2. Amsel, R., & Fichten, C. S. (1988). Effects of contact on thoughts about interaction with students who have a physical disability. Journal of Rehabilitation, 54(1), 61.Google Scholar
  3. Austin, D. R., & Lee, Y. (2013). Inclusive and special recreation: Opportunities for diverse populations to flourish (6th ed.). Urbana, IL: Sagamore Publishing.Google Scholar
  4. Beder, S. (1996). The nature of sustainable development (2nd ed.). Newham: Scribe Publications.Google Scholar
  5. Bolt, D. (2005). From blindness to visual impairment: Terminological typology and the social model of disability. Disability & Society, 20(5), 539–552.Google Scholar
  6. Bruce, I., Harrow, J., & Obolenskaya, P. (2007). Blind and partially sighted people’s perceptions of their inclusion by family and friends. British Journal of Visual Impairment, 25(1), 68–85.Google Scholar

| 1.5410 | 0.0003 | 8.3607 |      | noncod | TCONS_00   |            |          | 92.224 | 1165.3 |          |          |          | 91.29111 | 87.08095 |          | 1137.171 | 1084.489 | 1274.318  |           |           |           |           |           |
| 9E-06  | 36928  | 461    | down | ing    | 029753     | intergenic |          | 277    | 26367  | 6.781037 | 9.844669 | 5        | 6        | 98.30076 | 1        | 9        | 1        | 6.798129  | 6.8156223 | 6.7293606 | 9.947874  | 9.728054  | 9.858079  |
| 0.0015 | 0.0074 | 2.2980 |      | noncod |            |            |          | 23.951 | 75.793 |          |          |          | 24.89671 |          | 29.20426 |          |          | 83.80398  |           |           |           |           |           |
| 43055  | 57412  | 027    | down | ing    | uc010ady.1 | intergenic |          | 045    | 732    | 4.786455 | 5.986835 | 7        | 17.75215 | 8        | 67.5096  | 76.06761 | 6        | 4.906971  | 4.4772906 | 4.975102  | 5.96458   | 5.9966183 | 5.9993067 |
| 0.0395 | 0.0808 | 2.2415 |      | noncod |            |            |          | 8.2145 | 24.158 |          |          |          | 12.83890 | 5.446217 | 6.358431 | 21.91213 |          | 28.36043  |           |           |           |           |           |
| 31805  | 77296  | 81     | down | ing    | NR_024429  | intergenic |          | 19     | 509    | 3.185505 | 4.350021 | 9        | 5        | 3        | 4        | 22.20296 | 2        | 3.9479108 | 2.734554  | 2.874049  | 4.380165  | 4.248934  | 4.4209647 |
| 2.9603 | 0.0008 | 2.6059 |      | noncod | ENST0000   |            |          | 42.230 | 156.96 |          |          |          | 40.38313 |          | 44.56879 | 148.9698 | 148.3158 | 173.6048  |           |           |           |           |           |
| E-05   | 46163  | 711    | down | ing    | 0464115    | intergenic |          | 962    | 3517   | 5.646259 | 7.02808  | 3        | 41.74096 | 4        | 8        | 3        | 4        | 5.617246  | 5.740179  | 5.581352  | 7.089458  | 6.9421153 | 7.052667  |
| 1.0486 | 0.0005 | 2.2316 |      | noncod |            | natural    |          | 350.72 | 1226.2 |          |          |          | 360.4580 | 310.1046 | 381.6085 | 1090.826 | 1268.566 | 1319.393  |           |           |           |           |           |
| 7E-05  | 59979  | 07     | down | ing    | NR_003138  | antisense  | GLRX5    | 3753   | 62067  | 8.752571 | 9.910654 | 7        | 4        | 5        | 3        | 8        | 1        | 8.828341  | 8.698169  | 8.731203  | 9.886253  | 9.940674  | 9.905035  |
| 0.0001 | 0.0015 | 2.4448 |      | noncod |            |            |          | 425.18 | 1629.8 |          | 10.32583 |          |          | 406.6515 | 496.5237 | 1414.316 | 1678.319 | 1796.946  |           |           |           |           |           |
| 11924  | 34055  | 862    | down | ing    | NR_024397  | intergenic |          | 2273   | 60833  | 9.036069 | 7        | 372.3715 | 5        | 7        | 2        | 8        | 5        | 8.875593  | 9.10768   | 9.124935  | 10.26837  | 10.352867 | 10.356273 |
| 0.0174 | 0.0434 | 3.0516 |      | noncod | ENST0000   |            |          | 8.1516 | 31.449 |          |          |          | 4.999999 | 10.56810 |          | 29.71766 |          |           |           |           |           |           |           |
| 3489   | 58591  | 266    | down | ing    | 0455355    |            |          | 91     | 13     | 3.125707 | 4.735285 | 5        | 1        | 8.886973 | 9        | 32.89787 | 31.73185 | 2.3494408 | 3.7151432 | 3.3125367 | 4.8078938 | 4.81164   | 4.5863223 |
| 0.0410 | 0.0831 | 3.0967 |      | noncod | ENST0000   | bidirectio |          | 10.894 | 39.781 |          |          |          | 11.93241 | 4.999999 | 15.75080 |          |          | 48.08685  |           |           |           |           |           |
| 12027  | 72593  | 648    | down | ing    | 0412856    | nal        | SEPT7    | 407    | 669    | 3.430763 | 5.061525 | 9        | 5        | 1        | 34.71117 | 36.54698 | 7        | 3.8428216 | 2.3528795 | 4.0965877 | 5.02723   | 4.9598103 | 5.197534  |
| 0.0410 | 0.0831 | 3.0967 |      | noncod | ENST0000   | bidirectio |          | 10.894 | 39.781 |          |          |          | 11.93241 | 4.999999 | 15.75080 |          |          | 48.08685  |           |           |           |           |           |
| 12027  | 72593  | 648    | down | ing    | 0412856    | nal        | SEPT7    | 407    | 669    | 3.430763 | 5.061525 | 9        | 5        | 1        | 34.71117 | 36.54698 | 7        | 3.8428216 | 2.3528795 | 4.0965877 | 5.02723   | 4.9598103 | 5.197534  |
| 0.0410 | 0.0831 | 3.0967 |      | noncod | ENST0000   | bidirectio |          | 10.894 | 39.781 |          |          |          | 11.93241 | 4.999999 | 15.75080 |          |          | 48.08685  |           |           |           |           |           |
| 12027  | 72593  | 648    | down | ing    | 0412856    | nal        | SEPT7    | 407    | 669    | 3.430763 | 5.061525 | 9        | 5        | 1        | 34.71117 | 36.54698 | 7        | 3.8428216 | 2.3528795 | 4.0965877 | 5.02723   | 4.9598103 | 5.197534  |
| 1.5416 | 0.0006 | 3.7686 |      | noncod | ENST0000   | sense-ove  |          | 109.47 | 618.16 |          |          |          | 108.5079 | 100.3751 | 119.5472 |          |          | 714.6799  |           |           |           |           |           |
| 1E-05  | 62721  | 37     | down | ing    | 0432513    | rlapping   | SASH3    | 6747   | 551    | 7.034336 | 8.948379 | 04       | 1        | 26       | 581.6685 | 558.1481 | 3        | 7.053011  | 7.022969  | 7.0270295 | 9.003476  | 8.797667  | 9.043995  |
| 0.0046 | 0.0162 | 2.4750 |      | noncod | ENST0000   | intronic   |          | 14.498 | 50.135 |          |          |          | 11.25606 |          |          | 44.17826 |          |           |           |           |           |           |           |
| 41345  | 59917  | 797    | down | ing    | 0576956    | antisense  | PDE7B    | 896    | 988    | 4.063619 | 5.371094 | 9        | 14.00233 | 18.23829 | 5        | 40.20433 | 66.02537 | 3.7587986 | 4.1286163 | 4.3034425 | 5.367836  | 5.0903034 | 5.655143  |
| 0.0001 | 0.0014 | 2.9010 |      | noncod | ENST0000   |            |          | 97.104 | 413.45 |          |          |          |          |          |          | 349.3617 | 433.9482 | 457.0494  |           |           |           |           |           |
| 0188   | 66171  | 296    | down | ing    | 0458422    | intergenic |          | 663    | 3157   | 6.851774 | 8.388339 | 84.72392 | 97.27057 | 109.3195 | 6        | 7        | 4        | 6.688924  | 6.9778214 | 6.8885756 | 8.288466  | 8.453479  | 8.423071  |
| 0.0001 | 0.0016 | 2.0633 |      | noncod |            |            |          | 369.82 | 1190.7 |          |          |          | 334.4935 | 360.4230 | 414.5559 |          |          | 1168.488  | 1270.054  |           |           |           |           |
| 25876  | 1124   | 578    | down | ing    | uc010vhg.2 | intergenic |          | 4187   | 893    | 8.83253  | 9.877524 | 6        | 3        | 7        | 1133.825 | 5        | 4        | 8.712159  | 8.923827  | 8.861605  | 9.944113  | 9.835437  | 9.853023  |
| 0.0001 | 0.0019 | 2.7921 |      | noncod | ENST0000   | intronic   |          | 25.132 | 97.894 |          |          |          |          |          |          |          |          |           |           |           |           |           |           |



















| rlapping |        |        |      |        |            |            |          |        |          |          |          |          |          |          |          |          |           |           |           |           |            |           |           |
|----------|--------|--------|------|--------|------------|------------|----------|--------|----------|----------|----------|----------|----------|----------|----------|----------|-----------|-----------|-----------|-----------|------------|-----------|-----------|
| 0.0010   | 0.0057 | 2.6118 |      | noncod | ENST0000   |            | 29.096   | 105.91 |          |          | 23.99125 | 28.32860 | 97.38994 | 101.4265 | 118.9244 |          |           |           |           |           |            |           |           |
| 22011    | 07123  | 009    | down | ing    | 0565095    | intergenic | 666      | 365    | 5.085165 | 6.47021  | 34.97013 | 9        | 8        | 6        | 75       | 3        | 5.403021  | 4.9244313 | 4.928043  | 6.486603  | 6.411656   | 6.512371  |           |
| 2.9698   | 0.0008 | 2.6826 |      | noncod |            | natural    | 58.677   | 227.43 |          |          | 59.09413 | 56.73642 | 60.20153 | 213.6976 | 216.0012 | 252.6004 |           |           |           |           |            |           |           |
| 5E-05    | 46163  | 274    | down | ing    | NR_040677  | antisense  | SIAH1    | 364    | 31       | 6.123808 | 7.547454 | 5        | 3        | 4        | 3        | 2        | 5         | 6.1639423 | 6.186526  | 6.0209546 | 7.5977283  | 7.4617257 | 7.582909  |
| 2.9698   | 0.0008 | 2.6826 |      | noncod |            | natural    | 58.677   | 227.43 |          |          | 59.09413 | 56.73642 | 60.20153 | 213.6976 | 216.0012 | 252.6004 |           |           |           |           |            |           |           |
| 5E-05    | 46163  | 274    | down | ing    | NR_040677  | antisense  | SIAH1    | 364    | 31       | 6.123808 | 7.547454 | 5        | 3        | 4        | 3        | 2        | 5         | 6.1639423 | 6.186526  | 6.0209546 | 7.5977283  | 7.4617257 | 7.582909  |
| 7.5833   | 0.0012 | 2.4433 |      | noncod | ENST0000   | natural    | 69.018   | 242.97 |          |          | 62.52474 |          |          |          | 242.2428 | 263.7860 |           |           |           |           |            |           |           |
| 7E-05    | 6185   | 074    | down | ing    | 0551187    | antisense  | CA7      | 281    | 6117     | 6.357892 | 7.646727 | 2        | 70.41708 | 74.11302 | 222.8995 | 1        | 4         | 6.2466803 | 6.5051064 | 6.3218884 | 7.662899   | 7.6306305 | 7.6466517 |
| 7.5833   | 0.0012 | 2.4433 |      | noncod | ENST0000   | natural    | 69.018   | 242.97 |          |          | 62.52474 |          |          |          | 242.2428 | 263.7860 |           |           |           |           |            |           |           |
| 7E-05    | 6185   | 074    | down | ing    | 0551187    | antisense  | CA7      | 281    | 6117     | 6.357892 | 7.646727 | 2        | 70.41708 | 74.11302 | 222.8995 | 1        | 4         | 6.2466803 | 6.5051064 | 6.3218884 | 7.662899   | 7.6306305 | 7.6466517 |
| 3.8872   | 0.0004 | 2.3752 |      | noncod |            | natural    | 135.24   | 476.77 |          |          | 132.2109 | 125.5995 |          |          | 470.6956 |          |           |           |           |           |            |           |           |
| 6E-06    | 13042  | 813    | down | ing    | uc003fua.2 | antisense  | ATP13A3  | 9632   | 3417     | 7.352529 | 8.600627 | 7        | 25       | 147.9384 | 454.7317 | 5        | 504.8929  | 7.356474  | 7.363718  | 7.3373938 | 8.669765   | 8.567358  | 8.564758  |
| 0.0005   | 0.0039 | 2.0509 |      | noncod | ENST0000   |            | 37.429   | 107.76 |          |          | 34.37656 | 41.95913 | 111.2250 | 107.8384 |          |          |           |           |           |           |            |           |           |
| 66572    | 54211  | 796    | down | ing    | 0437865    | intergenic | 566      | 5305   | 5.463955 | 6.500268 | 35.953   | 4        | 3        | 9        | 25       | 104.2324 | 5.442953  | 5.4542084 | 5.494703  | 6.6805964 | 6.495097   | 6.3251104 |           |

7. Buhalis, D., Darcy, S., & Ambrose, I. (Eds.). (2012). Best practice in accessible tourism: Inclusion, disability, ageing population and tourism. Bristol: Channel View Publications.Google Scholar
  8. Burnett, J. J., & Baker, H. B. (2001). Assessing the travel-related behaviors of the mobility-disabled consumer. Journal of Travel Research, 40(1), 4–11.Google Scholar
  9. Candlin, F. (2003). Blindness, art and exclusion in museums and galleries. International Journal of Art & Design Education, 22(1), 100–110.Google Scholar
  10. Card, J., Cole, S., & Humphrey, A. (2006). A comparison of the accessibility and attitudinal barriers model: Travel providers and travelers with physical disabilities. Asia Pacific Journal of Tourism, 11(2), 161–175.Google Scholar
  11. Chang, Y.-C., & Chen, C.-F. (2011). Identifying mobility service needs for disabled air passengers. Tourism Management, 32(5), 1214–1217.Google Scholar